including sugars, comprise the body's primary source of energy.
Sugar occurs naturally in many foods (i.e., fruits and dairy
products), but there are countless processed foods that contain
high amounts of refined sugar. A little sugar is OK, but too
much can contribute to poor overall diet and poor health.
The figures show that Americans consume far too much sugar
on a daily basis.
As part of the U.S. Department of Agriculture (USDA) 1994-1996
Continuing Survey of Food Intakes by Individuals, 15,010 people
two years of age and older recorded a 24-hour recall of dietary
intake. Researchers calculated intake of added sweeteners,
paying specific attention to average intake from all sources
and from specific categories; contribution of added sweeteners
to total energy intake; and percentage contribution of each
food category to total added sweetener intake.
- An average of 82 grams of carbohydrates per day came
from added sweeteners, accounting for 16% of total energy
intake. (Nutritional guidelines recommend that between 6-10%
of carbohydrates come from sugars.)
- Adolescents consumed the most added sweeteners as a percentage
of energy (20% of total energy intake).
- The primary sources of added sweeteners were soft drinks
(33%), sweets (candies, syrups, honey, table sugar 16.1%),
and sweetened grains (cookies and cakes 12.9%).
If you're consuming a lot of sugar, you're probably not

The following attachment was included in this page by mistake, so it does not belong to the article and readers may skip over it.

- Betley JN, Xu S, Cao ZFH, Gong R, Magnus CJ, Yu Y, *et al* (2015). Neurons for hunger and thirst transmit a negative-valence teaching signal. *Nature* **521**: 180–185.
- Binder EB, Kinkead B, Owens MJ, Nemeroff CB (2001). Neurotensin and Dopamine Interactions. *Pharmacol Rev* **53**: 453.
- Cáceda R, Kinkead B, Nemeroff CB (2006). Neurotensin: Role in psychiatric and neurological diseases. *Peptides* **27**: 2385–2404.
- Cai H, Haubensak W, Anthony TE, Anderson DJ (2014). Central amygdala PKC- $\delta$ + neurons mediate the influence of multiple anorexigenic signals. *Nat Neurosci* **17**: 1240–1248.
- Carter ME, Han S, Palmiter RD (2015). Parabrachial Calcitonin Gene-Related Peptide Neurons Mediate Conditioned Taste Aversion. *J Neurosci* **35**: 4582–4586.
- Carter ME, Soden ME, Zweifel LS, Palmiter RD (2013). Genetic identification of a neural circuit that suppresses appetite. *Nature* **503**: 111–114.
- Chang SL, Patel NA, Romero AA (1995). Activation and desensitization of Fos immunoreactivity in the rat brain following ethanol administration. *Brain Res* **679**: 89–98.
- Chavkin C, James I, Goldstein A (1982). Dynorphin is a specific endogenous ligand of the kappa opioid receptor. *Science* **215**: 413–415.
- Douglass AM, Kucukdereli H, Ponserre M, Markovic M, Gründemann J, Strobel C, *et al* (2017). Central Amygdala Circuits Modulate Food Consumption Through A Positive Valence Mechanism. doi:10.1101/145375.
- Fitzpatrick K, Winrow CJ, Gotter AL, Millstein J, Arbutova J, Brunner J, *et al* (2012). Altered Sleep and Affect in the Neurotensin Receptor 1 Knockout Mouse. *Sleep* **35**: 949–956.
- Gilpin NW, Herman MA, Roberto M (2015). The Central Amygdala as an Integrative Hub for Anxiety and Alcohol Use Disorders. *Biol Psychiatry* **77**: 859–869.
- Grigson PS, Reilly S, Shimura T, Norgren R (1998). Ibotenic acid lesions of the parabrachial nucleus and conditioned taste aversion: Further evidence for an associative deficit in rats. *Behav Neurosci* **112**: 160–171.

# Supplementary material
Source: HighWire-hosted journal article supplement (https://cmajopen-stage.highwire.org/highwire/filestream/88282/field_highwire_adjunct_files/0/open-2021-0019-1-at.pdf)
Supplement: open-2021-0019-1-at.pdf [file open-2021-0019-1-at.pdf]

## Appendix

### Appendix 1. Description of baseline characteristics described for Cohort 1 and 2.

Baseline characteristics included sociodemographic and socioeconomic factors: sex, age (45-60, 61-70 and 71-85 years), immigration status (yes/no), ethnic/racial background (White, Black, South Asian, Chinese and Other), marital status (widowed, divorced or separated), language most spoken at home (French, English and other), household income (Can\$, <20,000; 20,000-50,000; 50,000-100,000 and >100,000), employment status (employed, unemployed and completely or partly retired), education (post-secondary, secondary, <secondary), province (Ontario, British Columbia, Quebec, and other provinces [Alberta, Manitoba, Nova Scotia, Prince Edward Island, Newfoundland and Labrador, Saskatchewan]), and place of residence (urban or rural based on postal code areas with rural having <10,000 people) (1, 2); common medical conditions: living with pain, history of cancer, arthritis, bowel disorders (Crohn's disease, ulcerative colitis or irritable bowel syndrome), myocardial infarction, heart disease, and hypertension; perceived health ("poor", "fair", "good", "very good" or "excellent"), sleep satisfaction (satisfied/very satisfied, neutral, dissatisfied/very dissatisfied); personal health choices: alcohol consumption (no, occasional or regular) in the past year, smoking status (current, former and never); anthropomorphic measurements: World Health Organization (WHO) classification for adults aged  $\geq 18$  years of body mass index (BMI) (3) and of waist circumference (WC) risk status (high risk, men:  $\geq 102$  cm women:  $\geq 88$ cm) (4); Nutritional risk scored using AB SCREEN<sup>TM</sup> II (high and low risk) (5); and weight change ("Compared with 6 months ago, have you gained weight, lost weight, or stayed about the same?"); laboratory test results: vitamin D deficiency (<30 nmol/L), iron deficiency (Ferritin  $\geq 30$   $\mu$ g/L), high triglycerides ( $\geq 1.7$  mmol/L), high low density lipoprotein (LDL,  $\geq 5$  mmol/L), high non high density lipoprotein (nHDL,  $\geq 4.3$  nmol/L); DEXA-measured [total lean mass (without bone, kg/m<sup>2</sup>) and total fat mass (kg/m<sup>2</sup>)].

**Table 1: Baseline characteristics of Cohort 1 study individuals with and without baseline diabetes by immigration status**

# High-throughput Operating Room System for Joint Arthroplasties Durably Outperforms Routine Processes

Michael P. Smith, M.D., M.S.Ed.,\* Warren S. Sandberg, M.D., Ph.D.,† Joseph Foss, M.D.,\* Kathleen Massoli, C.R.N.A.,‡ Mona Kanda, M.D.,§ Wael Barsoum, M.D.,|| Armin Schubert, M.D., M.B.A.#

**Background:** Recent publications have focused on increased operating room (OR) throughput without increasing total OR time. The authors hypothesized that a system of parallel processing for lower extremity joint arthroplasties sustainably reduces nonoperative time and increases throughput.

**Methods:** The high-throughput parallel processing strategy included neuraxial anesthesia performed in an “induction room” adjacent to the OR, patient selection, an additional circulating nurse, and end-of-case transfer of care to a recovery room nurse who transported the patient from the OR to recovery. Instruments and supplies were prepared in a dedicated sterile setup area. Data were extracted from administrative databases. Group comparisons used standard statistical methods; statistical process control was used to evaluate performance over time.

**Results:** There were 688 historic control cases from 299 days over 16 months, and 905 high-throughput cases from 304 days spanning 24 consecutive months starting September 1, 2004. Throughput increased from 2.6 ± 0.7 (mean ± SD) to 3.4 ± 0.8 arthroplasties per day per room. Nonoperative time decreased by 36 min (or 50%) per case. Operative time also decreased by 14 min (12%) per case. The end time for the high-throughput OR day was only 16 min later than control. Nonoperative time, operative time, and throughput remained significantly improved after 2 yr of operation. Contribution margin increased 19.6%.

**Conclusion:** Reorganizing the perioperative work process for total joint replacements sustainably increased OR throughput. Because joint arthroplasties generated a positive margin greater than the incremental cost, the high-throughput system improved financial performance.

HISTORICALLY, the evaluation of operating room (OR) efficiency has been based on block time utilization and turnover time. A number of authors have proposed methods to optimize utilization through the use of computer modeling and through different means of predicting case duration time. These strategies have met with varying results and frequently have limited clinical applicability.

getting enough of the vitamins, minerals and other nutrients
your body needs to function properly. In fact, the sweeteners
Americans seem to consume most frequently (non-diet soft drinks,
candy, syrups and jellies, etc.) possess no nutritional value
whatsoever except for the sugar. Teach your children about
the importance of a balanced diet that minimizes consumption
of refined sugar. Your doctor of chiropractic can evaluate
the nutritional status of your family and suggest appropriate
modifications to maximize wellness. Guthrie JF, Morton JF.
Food sources of added sweeteners in the diets of Americans.
Journal of the American Dietetic Association 2000: Vol. 100,
Tucker KL, Hannan MT, Chen H, et al. Potassium, magnesium,
and fruit and vegetable intakes are associated with greater
bone mineral density in elderly men and women. The American
Journal of Clinical Nutrition, April 1999: Vol. 69, No.